This is an excellent article. It is important for us to constantly evaluate ourselves to ensure that we do not possess these characteristics.

    This doesn't mean that we'll be perfect, but rather, we will be striving to make the right decisions at the right time, and take accountability for the results.

    Providing Competitive Advantage through Effective IT Leadership

  • patriciazell

    The refusal to take responsibility for one's actions has been one of the biggest canards that has plagued the human race since the Garden of Eden. From that point on, the thrust of "I'm a victim" has ruled us. I'm looking forward to the time when we all will realize that Christ demolished our victimhood on the cross and gave us all the power we need to take responsibility for our actions and to "demand" that God work good in the place of evil.

  • Paul B.

    Excellent writing. As for the content: Ouch! May this be used to help the Body of Christ in these difficult times.

  • RoverHaus

    I really love your posts on leadership. And there is something almost tangible about looking to events from history that makes this student of leadership pay attention more than the philosophy of leadership de jour.

    • Michael Hyatt

      Thanks. Every time I read a book like this, I think, I must read more history!

  • Richard

    Fantastic post Michael! It's funny you're writing about this book, as I'm finally nearing the end! It's been a fantastic read – and everything you said about the Gen. is spot on!

    As for me, I know I complain about a lack of resources (mainly time) which leads to me sometimes refusing to take responsibility. But when I sense that coming on, I look at my time usage and make sure I get back on track.

    Best, Richard

    • Michael Hyatt

      Good for you! I think this is precisely what it means to be self-aware and to lead yourself.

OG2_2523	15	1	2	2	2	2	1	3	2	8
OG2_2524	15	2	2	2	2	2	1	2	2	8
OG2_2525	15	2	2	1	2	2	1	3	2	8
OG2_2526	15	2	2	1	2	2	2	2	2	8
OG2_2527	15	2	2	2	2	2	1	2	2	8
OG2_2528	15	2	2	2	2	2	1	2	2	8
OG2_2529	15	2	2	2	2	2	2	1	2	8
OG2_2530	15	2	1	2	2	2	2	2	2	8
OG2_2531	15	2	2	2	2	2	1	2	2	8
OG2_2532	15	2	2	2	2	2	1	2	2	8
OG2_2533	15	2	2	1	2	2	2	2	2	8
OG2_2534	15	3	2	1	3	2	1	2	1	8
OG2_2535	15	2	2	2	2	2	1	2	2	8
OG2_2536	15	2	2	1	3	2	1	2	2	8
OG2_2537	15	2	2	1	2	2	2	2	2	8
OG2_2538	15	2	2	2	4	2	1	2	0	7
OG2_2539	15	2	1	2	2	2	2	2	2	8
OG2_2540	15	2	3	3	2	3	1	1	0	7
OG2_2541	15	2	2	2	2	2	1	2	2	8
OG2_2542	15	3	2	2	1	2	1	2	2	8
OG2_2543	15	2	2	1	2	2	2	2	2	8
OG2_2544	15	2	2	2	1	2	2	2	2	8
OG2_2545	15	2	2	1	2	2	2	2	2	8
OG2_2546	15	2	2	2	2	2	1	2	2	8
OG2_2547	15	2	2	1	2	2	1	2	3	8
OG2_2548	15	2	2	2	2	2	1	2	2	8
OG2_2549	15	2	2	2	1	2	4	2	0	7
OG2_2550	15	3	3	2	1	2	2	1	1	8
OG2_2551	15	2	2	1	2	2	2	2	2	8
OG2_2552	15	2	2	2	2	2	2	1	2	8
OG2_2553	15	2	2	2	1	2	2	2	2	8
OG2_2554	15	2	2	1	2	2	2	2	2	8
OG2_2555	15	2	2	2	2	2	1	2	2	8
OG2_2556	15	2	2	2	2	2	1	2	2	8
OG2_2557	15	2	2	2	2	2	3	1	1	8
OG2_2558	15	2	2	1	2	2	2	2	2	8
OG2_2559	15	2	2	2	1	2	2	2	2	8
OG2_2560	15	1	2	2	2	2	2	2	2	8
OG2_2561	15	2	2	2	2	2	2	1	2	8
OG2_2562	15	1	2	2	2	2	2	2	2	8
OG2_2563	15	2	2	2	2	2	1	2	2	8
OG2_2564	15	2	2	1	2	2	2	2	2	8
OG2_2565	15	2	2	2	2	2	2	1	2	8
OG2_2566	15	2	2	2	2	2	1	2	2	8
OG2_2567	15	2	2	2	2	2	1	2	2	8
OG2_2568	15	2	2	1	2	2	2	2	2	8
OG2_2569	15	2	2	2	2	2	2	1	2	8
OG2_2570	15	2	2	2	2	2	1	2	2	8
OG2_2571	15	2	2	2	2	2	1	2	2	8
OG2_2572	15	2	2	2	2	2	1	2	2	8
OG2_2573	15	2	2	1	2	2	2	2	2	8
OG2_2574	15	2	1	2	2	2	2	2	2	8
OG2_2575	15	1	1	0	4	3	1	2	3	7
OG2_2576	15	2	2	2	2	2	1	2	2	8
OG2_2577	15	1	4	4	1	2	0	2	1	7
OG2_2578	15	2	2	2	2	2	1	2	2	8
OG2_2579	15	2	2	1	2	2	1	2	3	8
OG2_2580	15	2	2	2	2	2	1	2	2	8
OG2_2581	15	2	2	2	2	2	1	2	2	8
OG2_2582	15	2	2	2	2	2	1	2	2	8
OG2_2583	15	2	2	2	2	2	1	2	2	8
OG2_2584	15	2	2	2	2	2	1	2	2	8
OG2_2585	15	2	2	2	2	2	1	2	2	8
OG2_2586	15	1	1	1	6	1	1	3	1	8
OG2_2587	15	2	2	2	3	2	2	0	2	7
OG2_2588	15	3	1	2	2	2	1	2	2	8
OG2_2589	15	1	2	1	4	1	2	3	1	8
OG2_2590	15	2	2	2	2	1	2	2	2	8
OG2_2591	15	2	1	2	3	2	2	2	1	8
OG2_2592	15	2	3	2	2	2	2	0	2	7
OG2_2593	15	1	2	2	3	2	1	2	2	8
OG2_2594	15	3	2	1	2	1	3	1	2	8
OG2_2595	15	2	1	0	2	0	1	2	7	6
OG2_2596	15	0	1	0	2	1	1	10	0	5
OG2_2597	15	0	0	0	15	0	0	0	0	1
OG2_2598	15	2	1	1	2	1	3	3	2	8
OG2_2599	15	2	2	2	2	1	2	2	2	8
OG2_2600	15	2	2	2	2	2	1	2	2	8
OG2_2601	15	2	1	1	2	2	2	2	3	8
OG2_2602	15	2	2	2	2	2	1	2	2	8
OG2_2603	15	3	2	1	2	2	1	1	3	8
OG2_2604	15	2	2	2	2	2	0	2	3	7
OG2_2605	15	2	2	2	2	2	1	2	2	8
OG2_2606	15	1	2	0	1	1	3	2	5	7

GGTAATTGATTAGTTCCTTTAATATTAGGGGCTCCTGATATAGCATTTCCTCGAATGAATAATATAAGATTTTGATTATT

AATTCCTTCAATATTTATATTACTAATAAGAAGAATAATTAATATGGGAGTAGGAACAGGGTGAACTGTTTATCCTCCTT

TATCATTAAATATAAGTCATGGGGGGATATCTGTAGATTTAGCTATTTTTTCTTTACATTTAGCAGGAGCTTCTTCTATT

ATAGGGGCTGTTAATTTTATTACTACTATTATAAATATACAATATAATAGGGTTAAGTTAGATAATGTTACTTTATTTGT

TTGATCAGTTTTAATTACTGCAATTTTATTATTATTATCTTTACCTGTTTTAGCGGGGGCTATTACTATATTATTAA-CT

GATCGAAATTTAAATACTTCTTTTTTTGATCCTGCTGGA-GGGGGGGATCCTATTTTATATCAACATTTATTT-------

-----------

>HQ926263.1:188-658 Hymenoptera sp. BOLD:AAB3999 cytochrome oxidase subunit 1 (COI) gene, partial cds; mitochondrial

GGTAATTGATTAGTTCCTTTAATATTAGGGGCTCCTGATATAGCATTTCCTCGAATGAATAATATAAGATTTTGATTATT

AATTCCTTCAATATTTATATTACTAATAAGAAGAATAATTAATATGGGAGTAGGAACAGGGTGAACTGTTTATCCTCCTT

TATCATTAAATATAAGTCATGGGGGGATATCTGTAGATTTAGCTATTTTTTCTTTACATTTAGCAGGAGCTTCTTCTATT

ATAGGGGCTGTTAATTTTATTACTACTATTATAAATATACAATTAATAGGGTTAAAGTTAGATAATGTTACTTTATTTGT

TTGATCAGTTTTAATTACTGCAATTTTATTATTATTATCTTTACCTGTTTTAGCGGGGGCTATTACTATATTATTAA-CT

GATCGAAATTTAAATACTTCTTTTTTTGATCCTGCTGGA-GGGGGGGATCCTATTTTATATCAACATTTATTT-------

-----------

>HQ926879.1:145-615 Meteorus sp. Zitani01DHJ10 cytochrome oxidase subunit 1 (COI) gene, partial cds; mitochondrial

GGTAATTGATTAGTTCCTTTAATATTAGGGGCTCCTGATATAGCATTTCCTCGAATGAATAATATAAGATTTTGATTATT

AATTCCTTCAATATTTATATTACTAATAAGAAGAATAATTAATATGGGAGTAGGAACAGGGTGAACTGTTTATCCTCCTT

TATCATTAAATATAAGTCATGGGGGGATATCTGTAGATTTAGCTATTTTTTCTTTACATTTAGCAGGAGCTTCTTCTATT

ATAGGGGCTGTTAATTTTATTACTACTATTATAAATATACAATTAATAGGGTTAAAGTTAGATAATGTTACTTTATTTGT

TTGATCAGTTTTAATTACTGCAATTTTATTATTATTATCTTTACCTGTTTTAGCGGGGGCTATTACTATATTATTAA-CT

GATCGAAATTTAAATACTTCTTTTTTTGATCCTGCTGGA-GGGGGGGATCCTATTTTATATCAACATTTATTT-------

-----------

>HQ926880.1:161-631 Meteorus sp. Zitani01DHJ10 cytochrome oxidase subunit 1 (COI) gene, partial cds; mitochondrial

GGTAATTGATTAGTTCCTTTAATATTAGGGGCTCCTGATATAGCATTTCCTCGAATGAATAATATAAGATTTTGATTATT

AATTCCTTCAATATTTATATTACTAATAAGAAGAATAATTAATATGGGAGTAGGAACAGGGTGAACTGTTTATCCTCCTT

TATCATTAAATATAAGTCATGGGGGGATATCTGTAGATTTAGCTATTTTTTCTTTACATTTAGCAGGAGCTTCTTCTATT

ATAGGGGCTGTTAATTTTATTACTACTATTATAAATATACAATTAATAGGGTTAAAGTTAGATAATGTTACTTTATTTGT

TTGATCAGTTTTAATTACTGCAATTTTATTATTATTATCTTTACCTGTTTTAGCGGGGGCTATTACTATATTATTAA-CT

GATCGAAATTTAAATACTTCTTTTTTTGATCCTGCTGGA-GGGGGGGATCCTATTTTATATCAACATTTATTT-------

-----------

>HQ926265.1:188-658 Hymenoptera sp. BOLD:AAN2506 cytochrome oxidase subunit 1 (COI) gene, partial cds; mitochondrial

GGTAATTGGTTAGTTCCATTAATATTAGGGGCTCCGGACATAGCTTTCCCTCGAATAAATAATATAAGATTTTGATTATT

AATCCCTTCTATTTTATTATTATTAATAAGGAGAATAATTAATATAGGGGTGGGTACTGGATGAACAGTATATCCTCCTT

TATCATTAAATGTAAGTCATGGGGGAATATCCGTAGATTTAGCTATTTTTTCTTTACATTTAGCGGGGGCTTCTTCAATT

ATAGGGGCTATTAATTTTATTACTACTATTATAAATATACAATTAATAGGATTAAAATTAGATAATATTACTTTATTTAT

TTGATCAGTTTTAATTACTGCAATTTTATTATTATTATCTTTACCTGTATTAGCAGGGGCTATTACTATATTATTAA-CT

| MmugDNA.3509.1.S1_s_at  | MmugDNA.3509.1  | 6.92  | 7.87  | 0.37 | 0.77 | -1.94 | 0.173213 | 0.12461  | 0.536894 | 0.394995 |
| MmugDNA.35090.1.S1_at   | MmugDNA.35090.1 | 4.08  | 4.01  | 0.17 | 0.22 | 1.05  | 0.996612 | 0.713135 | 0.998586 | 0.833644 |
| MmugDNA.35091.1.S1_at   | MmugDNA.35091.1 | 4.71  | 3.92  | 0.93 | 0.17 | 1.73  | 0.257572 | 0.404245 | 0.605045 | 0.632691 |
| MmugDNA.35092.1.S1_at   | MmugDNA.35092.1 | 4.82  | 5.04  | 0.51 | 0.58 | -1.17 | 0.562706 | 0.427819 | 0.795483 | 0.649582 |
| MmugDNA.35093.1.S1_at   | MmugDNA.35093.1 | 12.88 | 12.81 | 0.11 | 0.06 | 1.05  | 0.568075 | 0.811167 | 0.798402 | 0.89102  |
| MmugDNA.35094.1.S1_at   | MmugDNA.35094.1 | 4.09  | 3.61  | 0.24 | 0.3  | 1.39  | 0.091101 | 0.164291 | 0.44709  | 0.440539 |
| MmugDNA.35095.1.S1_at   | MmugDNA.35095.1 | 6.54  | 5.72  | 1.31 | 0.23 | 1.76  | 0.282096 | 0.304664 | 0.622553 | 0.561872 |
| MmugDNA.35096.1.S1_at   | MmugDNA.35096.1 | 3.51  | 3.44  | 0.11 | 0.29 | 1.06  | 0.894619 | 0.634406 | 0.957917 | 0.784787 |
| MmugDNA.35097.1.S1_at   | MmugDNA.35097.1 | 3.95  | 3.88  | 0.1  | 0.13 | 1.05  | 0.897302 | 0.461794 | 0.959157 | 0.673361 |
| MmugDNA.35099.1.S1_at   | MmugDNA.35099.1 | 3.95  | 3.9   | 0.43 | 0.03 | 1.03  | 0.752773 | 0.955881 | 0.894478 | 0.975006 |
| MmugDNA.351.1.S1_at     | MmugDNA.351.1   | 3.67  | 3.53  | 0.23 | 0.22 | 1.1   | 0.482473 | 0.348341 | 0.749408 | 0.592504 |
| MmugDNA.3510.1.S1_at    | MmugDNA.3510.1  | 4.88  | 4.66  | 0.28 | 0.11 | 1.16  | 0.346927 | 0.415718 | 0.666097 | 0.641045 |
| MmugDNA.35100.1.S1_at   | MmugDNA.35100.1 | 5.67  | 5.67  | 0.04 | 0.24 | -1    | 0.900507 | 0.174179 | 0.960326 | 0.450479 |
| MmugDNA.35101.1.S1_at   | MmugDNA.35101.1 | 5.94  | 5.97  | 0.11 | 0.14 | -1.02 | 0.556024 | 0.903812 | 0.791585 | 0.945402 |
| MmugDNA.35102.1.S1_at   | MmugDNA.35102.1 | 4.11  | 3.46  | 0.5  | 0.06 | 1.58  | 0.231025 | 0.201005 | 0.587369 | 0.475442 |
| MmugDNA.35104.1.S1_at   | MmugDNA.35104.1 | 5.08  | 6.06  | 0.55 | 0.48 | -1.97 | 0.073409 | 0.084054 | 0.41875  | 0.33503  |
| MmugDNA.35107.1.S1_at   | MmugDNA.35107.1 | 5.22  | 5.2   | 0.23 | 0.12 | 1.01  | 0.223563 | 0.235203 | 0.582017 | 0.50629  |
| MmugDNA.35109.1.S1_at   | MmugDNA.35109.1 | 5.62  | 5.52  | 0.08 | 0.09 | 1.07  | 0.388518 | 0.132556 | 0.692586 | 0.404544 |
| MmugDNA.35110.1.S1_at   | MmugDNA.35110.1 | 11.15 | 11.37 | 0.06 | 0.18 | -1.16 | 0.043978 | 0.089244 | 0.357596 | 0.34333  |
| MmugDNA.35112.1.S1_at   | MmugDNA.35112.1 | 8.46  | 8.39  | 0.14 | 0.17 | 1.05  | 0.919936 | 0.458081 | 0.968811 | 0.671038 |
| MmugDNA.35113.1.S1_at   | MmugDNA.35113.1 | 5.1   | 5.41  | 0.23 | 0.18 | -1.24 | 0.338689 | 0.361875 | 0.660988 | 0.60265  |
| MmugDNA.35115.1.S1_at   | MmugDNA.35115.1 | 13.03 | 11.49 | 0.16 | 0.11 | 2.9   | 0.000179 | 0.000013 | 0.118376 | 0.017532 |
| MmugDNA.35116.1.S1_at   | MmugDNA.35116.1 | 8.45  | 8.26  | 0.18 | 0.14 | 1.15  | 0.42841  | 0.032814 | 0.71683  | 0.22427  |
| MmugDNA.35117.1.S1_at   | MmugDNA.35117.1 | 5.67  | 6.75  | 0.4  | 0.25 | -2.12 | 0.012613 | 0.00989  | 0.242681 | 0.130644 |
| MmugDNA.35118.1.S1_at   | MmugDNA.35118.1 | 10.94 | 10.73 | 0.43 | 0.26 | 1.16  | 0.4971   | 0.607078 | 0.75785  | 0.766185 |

• Matt

    Thanks for sharing these warning signs! I see all of these in my leadership at times, to one extent or another. Is there any hope for me?

    • Michael Hyatt

      Absolutely. At least you can see the problems and correct them. From what I can tell, McClellan had zero self-awareness. In his arrogance, he was willing to focus on everyone else’s problems rather than his own.

      • Beloved18

        Was he essentially a narcissist?  

  • @pursuingyahweh

    Wow, another challenging post. Thanks Michael. This came at just the right time for me.


  • @mm_wilson

    I really enjoyed the book you are referencing in this article. There are a number of blog entries that could have come out of it. Of the qualities you listed in the article, I struggle with complaints around a lack of resources most. In my own mind, I frequently second guess other leaders at my level in the organization with stewardship of their budget and think I could do so much more if I had a piece of their pie also.

    I'm trying to take the approach currently that I will receive more resources as I make the most of what I have right now without outwardly complaining.

  • Cindy_Graves

    Love your thoughts on leadership.

    On a side note, why wasn't History this intriguing when I was in High School?

  • Joe Chavez

    Michael, wonderful post. I see most of these qualities in my own life. I've know for a long time that I enjoy planning. I always have, even as a young child. I love to plan but when it comes to execution, see items #1 and #2.

    Gratefully, I don't believe I suffer from #3-5. I don't say that out of pride, but more from relief. Still I'm not sure which is worse.

    Thanks for this post. Great reminder and wake up call.

  • Gail

    Yes, I've worked with people like this and it is difficult to lead them let alone follow them. And maybe this is why some people don't get promoted who think they should.

    You should always be the type of follower you would like to lead.

  • JimMartin